state bragging rights Saturday at the Michigan intercollegiate.
who placed third in the 60-meter hur-
These athletes will need similar
finishes for the team to challenge
Eastern Michigan and fend off
Michigan State, which Harvey
expects will pose stiff competition.
Okenwa thinks that the Michigan
Intercollegiate promises to be an
"Michigan has a lot of talent and
we are looking at this as a pretty big
meet," he said.
"This is the starting point of the
rest of the season. We need to start
knocking out some first places."
'Canham Cathedral' ready
Vignier's presence an asset to Wolverines
Continued from Page UOA
weather of late.
-"I think we did the best we could
with the facilities that were avail-
able in Ann Arbor," women's coach
Jim Richardson said.
"I won't say woulda, coulda,
shoulda. Everybody involved did
the best they could to provide the
best training environment for us
and in retrospect, there isn't any-
thing I would have done different-
team's training regiment.
"From a training standpoint, it's
better than it was when it opened
the first time;' Richardson said of
"The air is much better, the
lighting is much better. I think
overall, the facility is one of the
best training environments in the
If nothing else, the new natatori-
um will provide a picturesque set-
ting for swimming and diving
spectators for years to come.
"If I were to rename it, I would
call it the Canham Cathedral for
Swimming and Diving," Lambert
Continued from Page 10A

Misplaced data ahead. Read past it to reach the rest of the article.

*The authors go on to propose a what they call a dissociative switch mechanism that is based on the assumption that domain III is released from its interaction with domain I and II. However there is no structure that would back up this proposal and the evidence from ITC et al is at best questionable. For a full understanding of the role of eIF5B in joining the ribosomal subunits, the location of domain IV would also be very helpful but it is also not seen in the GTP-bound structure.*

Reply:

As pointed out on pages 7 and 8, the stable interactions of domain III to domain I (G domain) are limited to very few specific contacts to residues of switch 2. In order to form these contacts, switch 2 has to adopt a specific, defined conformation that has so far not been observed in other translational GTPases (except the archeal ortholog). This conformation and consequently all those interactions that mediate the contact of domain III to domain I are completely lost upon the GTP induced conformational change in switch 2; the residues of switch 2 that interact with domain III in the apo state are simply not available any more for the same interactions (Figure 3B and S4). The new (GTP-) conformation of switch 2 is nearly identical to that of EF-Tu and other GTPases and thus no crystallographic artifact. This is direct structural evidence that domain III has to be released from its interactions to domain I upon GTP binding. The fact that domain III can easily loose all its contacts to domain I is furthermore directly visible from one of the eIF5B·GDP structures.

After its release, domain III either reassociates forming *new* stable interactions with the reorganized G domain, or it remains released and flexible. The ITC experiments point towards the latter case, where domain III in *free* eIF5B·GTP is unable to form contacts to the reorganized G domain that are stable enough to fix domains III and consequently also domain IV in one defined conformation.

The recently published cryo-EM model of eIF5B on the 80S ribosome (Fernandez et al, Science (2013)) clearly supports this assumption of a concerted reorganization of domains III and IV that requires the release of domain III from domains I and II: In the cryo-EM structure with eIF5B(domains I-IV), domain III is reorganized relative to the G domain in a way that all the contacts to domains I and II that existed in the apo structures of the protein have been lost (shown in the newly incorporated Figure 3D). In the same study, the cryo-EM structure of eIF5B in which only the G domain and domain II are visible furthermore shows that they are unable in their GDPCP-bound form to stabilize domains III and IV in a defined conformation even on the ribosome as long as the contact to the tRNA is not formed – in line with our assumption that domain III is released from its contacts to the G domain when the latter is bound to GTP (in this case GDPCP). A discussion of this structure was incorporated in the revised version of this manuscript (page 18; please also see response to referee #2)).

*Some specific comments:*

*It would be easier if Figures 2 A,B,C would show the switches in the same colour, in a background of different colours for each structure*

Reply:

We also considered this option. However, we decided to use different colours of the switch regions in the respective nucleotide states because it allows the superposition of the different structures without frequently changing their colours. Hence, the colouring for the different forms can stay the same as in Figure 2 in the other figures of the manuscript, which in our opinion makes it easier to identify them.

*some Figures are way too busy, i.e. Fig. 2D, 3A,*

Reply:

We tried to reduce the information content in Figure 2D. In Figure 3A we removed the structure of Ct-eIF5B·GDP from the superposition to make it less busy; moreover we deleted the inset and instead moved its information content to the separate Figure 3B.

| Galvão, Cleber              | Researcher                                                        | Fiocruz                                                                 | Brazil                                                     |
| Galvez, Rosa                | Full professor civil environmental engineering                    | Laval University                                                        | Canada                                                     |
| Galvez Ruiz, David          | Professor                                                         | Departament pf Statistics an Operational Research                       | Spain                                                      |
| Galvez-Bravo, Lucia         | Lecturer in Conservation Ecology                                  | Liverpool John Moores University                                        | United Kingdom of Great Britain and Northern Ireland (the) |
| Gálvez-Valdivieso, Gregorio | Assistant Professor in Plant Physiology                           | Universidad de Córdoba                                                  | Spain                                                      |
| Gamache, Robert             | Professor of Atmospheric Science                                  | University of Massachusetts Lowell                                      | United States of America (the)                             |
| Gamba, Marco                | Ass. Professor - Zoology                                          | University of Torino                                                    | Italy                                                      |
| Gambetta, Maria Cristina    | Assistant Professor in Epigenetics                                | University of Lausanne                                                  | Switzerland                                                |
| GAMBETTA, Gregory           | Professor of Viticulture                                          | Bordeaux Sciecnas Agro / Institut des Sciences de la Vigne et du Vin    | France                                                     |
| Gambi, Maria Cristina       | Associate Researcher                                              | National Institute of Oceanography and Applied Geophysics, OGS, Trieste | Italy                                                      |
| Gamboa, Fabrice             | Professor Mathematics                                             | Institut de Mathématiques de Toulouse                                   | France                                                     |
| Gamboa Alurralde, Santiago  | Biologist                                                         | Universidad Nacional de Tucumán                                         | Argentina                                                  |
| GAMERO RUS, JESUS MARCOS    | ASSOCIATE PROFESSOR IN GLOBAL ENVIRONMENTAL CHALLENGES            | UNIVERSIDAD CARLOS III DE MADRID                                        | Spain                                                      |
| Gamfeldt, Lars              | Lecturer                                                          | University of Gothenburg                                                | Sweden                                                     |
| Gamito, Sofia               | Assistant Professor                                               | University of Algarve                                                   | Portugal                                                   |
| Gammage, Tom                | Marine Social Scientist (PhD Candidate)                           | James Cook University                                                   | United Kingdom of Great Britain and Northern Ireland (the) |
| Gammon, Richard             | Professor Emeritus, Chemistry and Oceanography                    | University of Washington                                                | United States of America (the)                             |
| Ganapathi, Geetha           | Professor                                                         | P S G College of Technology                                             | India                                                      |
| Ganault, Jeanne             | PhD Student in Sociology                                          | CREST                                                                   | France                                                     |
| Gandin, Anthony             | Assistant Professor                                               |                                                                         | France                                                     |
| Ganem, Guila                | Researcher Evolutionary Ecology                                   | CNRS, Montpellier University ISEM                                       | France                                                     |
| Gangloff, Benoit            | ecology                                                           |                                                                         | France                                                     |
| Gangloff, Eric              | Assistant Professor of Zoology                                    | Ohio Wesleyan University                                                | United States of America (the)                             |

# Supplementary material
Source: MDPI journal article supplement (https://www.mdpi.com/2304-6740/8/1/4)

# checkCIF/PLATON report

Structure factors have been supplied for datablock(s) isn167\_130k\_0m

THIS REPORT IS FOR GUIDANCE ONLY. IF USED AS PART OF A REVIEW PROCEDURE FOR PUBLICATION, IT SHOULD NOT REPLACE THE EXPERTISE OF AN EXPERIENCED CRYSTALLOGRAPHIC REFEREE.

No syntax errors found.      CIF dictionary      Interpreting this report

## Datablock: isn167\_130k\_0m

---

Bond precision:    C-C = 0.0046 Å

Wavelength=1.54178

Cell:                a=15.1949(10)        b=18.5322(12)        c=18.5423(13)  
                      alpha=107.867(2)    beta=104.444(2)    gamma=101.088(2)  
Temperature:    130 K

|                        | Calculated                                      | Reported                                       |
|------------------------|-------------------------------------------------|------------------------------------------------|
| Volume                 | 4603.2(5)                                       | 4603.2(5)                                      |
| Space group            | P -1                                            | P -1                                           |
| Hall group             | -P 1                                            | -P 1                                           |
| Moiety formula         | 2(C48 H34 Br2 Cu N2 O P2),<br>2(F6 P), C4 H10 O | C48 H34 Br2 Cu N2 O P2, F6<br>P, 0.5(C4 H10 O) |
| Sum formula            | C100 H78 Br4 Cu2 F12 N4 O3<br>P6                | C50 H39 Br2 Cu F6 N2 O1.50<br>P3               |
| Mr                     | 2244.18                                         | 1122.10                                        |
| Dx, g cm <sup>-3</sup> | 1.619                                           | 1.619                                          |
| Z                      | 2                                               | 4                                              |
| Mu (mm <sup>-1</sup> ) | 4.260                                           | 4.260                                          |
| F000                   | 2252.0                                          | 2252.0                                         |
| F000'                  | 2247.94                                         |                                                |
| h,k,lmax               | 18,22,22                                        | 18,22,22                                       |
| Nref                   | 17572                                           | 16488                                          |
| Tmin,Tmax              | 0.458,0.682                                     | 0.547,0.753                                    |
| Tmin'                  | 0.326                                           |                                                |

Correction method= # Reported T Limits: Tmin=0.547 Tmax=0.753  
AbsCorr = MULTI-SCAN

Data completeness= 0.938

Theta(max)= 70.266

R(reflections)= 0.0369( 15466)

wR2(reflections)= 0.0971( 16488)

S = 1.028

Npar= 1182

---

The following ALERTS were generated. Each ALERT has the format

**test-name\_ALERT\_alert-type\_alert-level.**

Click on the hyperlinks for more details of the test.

(for a big man) from outside, or the
Tractor's rim-bending bulk.
"At the beginning of the season, he
was kinda like, 'OK, I think I can do
it,"' Young said. "But now he's like,
he gets the ball and he's going to the
Against Minnesota last week,
Vignier owned the low post in the
first half. He would catch a pass,
dribble once, and loft up a jump
hook that found twine every time.
In another game, against Michigan
State on Jan. 9, two passes bounced
off his hands and out of bounds.
Before, he might have let that rattle
him. But against the Gophers, when
the ball squirted out of his hands as
he rose up for another jump hook
against the Golden Gophers, he
calmly collected the errant ball and
sank the shot.
Loud or not, that's the kind of con-
fidence that makes for presence in
"When he gets the ball in the post,
he just takes that one little dribble
and goes up and shoots his jump
hook," Young said. "He doesn't even
think about it.
"If you think about kicking it back
out or anything, they'll just double-
team or triple-team you," Young said.
As Tom Cruise's character,
Maverick, in "Top Gun" would have